Grow A Straw Bale Garden
Gardens made of straw bales are great for tomatoes, potatoes, and all your favorite vegetables.
It’s this year’s hottest way (heh) to garden! And it’s also a social media phenomenon! It’s straw bale gardening. Ever since the publication of his book, Straw Bale Gardens (Cool Springs Press), Joel Karsten has become something of a gardening celebrity, making television and YouTube appearances, being interviewed by major papers, and gathering a Facebook following that counts over 27,000 likes.
We’ve written about using straw as mulch and bale gardens whether straw or hay, before. Karsten has really refined the technique which basically revolves around one thing: the bales are composting as the plants grow. The heat generated by the composting straw gives the vegetables planted in them a distinct advantage. Warmer “ground” temperatures stimulate root growth. Karsten capitalizes on this by pulling plastic tents hung from wires strung over his bale rows to trap that generated heat, thus giving him an early start and warm early conditions there in his Roseville, MN home.
Once you line up rows of bales for your garden, how do you get them to start composting as they stand there above ground exposed to the elements? Karsten “conditions” the bale for up to two weeks ahead of planting by sprinkling traditional chemical fertilizer that’s high in nitrogen over his bales and watering it to draw it into the bale. Now we organic gardeners wouldn’t want to do that. But we could get the same effect by using organic fertilizers high in nitrogen, say blood meal, fish meal, or cotton seed meal; or an organic fertilizer mix with good nitrogen content. Not much fertilizer is needed, but thorough watering is important. But don’t over water to the point where your nitrogen source is washed from the bale.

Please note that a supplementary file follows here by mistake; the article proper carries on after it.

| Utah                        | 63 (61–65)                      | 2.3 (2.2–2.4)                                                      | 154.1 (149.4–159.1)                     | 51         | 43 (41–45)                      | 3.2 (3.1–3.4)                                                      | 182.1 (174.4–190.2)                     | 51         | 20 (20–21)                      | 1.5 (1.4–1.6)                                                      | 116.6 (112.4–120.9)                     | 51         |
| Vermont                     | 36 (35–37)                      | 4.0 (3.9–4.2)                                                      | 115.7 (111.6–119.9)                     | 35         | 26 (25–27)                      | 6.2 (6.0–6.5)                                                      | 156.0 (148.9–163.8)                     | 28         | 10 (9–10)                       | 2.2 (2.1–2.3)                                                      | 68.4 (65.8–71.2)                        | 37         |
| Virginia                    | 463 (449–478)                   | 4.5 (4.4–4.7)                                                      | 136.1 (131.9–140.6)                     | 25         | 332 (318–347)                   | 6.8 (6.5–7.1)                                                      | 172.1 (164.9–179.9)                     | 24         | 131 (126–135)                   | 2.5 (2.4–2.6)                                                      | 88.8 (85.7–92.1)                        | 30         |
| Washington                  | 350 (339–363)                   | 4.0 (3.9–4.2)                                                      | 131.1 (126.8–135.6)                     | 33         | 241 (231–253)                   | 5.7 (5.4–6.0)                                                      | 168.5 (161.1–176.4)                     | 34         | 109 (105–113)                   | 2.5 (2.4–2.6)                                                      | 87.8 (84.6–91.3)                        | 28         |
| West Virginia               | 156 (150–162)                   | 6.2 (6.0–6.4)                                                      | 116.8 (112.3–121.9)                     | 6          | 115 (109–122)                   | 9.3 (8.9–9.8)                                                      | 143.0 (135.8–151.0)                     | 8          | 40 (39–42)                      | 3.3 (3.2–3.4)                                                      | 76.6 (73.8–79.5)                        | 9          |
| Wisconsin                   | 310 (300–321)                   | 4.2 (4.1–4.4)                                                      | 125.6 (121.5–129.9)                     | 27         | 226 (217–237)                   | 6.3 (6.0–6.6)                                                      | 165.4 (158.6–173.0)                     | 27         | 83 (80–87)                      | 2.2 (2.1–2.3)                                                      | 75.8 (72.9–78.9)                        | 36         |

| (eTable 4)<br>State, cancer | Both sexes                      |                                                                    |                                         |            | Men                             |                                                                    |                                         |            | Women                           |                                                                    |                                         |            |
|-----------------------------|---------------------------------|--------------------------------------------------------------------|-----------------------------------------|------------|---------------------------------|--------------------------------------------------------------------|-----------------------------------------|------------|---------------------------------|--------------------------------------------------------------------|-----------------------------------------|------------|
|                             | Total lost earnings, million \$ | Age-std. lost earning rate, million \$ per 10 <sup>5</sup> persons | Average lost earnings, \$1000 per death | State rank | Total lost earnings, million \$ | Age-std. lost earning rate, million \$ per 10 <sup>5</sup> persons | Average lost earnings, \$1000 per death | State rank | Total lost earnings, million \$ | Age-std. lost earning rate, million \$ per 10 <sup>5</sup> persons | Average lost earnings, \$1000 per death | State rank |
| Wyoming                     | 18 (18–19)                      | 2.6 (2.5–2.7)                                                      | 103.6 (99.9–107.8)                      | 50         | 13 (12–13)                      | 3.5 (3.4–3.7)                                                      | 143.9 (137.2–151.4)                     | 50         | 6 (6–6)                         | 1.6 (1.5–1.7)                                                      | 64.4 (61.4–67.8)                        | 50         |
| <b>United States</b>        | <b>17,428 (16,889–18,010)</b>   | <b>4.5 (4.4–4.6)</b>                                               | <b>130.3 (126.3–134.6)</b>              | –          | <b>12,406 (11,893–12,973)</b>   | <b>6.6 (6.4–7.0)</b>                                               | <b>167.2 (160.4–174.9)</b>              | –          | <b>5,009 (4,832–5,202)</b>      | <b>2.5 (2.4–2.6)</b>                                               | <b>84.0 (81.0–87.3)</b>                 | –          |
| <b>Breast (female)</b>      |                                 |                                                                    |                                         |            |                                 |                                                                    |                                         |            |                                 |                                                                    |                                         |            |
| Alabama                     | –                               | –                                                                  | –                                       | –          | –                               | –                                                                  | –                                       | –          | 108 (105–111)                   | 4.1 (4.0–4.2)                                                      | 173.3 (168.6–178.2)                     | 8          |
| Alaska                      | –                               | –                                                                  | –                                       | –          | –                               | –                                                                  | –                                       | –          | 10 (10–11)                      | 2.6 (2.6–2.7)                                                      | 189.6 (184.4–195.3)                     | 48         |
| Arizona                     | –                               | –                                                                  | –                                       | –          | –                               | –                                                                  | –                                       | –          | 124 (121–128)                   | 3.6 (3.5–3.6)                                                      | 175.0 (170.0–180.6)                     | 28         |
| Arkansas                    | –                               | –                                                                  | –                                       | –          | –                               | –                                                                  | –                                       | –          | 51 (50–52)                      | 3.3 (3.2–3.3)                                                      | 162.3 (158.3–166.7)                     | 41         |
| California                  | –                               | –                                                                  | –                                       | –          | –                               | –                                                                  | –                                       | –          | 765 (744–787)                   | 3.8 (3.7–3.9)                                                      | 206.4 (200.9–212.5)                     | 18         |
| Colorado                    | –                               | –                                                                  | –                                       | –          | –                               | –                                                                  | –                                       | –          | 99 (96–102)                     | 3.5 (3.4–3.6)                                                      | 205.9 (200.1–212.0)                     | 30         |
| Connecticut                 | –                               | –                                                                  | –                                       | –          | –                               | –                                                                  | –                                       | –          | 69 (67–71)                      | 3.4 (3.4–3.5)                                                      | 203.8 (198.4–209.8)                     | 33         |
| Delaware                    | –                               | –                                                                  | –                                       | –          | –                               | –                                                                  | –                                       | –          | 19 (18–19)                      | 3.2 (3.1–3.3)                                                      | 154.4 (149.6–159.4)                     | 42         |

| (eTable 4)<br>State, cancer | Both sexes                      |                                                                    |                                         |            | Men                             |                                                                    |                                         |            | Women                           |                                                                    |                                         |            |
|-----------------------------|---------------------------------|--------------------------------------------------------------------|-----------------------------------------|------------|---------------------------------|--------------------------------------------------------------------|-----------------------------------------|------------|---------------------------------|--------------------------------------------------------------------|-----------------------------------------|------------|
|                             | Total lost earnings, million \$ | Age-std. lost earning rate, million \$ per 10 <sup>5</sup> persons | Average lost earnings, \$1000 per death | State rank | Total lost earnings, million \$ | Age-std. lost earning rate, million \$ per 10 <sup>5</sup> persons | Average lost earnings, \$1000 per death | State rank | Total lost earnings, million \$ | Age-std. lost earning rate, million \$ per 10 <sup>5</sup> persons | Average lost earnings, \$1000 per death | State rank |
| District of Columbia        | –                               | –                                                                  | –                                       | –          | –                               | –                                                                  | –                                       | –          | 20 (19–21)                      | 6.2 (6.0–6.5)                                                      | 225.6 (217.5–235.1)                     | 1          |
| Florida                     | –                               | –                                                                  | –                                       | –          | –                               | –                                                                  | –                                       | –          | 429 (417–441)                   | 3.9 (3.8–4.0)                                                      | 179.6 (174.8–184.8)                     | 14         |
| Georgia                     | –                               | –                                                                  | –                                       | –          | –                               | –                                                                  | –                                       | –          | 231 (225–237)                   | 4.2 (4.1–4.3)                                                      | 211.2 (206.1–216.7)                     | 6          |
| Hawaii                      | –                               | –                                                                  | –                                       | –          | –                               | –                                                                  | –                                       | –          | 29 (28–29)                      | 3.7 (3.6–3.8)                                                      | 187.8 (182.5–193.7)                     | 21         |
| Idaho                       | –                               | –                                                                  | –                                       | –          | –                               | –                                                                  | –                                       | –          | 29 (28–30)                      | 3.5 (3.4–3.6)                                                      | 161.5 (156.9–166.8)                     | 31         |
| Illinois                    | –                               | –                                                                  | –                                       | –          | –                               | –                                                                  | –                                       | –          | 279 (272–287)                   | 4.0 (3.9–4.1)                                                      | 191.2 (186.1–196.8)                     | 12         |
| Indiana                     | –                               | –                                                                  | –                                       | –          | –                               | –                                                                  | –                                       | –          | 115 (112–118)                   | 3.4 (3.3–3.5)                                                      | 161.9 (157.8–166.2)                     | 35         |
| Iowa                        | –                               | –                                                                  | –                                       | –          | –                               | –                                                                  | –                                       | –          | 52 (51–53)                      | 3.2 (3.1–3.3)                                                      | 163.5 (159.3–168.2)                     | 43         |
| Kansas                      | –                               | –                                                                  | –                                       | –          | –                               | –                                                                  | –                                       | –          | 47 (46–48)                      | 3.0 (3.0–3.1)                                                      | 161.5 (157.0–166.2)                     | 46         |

Another consideration for organic gardeners: You’ll want to use bales of straw that are grown organically. These can be expensive and not easy to find as any any organic dairy farmer will tell you. But as the popularity of organic meats and dairy products continue to grow, organic bales should be easier to get (depending on where you live).
Once the bales are “seasoned,” they can be planted in seed with the addition of a little top soil. Starts can be placed directly in the bales after scooping out a spot. It might be good to add a little compost to tamp in the roots. Those same wires that support covers can be used to string support for beans, peas, cucumbers and the like.
It occurs to your occasionally quick-witted Planet Natural Blogger that this might be a good way to start a garden, placing bales over existing ground or turf and letting them decompose as they sport vegetables, smothering the grass and weeds that were growing underneath. At the end of the season — or maybe two — you’ll have a well-composted row of soil in which to grow another season’s crops. Anybody have any experience with this?
Here are some tips on bale gardening from Minnesota Farm Guide (natch) . It may not be too late to get some bales conditioning for a late season garden, especially since they’ll extend the growing season by generating their own heat. And now’s the time to start scouting for bales from you local, preferably organic, farmer. In the meantime, just look at what’s possible with extensive use of bales.